I am a (relatively junior) member of an NCEAS/NSF funded international working group that is assessing how climate change is affecting ocean ecosystems. Today, we published our third major paper (in Nature; Burrows et al. 2014), that predicts how ocean warming will affect global patterns of Biodiversity. Read a nice non-technical summary here and a nice summary by the editor:
To survive in a changing climate, a species may need to move in order to stay in an area with a constant average temperature. Such mobility would depend on an ability to keep pace with a moving climate — and on the absence of physical barriers to migration. These authors use the velocity of climate change to construct a global map of how ecological climate niches have shifted in recent decades and go on to predict changes in species distribution to the end of this century. The map indicates areas that will act as climate sources and sinks, and geographical barriers likely to impede species migration. The data show that geographical connections and physical barriers — mostly coasts — have profound effects on the expected ability of organisms to track their preferred climate. This work underlines the importance of migration corridors linking warmer and cooler areas as a means of maintaining biodiversity.
Our first major paper came out in Science in 2012 (Burrows et al. 2012) in which we described the “velocity” of warming of the planet at relatively fine grains.
Our second paper “Global imprint of climate change on marine life” – and really the primary output of our working group – was published last year in Nature Climate Change. Read my summary here at Skeptical Science and less technical summaries here and here.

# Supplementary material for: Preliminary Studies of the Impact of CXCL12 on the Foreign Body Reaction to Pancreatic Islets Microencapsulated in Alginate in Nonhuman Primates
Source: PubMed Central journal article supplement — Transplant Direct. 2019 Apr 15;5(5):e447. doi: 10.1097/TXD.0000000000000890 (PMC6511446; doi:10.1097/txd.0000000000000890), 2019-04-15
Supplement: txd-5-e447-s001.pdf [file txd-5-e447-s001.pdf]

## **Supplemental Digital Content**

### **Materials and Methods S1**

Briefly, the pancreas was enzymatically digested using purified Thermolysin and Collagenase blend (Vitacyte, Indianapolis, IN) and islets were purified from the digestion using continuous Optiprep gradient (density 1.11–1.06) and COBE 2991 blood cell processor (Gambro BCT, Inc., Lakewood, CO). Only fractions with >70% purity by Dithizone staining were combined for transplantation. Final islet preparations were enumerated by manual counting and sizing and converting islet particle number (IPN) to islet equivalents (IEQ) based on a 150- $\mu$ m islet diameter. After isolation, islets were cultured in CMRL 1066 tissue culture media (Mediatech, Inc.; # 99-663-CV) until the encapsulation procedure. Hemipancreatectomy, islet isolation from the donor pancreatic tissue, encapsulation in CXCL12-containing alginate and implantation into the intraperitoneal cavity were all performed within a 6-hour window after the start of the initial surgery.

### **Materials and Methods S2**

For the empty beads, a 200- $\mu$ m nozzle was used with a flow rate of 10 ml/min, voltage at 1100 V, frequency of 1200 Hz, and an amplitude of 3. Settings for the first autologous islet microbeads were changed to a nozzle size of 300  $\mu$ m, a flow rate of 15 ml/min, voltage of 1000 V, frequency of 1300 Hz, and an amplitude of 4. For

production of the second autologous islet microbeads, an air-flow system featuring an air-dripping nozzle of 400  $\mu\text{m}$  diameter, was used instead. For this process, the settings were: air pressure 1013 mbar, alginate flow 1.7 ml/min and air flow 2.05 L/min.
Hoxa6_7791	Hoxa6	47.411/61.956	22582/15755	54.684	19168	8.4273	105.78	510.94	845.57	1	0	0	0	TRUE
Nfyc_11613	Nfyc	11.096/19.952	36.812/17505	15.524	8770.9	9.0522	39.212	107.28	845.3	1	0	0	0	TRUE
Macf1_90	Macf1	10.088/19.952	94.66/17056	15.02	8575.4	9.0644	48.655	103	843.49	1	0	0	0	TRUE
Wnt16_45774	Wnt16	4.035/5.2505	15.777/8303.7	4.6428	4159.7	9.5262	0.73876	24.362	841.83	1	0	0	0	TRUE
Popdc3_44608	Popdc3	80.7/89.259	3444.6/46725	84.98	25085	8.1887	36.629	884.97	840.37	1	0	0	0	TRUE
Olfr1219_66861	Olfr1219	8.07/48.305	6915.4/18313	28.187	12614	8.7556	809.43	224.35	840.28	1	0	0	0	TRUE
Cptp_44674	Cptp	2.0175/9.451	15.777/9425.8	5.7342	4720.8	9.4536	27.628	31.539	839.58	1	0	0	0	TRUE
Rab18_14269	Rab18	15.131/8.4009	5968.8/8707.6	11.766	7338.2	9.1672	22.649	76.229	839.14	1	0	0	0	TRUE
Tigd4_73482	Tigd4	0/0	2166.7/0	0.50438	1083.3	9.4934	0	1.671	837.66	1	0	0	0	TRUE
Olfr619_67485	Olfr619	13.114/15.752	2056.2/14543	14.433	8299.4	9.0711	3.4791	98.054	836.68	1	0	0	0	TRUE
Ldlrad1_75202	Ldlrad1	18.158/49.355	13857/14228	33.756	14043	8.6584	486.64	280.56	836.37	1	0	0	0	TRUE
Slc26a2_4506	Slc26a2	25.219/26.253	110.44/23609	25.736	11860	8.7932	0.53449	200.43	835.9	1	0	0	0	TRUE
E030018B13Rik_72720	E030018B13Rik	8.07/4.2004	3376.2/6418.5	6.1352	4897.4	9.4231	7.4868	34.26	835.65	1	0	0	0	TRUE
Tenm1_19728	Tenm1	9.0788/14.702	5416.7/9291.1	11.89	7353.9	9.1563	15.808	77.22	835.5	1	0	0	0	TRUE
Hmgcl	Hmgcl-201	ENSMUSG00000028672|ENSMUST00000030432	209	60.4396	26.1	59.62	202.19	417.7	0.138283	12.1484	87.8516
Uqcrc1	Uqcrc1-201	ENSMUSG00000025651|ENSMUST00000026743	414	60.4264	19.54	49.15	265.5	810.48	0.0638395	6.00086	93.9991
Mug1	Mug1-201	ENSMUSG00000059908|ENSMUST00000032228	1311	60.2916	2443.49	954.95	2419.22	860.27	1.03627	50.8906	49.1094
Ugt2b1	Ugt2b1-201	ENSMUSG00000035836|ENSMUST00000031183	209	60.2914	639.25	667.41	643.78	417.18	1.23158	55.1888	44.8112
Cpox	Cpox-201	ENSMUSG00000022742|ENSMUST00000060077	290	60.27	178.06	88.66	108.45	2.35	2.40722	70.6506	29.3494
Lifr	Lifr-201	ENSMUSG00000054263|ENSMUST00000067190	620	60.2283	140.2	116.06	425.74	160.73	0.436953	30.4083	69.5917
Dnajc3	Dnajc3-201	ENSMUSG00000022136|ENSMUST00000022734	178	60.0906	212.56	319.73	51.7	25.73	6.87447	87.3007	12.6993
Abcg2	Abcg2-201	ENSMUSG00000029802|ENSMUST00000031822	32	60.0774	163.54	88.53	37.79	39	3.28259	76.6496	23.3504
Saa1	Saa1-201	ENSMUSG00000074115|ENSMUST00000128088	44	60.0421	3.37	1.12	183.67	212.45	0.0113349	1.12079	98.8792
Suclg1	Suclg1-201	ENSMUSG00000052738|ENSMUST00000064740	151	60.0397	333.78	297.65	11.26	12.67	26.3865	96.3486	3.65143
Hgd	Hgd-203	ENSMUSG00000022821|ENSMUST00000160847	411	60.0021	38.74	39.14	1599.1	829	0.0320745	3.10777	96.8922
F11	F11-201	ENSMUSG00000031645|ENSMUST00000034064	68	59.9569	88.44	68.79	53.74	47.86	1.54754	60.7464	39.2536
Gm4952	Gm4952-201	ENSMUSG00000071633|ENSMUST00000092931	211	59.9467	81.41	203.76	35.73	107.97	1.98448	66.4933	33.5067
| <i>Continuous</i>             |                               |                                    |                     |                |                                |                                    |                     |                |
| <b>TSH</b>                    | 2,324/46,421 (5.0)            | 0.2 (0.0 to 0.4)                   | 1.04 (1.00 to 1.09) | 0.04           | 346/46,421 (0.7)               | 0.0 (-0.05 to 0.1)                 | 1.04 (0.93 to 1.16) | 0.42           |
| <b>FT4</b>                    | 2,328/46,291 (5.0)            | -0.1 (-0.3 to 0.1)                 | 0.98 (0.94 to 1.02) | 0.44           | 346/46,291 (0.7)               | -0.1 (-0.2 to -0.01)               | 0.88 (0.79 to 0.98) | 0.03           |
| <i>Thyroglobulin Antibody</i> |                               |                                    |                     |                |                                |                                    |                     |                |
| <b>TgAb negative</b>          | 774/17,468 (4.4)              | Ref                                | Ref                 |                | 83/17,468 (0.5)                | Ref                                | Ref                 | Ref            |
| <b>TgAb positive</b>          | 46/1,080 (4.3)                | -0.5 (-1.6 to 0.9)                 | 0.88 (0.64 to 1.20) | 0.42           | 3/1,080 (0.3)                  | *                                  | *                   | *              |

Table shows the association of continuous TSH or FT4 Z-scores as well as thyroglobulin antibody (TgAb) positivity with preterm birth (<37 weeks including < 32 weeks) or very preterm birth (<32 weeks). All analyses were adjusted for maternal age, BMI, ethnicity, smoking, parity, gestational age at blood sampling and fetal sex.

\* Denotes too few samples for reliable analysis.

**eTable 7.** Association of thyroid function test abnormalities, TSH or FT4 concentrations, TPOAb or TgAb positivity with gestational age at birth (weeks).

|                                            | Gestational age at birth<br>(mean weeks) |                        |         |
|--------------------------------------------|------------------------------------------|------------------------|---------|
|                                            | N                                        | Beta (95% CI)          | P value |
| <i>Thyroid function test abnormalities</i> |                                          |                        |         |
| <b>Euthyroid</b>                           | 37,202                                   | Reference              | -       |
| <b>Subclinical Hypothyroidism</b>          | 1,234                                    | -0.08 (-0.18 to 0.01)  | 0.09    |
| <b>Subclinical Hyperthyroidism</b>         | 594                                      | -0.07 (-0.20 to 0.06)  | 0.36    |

We synthesized all available studies of the consistency of marine ecological observations with expectations under climate change. This yielded ametadatabase of 1,735 marine biological responses for which either regional or global climate change was considered as a driver. Included were instances of marine taxa responding as expected, in a manner inconsistent with expectations, and taxa demonstrating no response. From this database, 81–83% of all observations for distribution, phenology, community composition, abundance, demography and calcification across taxa and ocean basins were consistent with the expected impacts of climate change. Of the species responding to climate change, rates of distribution shifts were, on average, consistent with those required to track ocean surface temperature changes. Conversely, we did not find a relationship between regional shifts in spring phenology and the seasonality of temperature. Rates of observed shifts in species’ distributions and phenology are comparable to, or greater, than those for terrestrial systems.
Working group leader Mike Burrows and I (with Chris Harley) also summarized the output of our team and other literature in a new book chapter (Bruno et al. 2014) which I serialized here.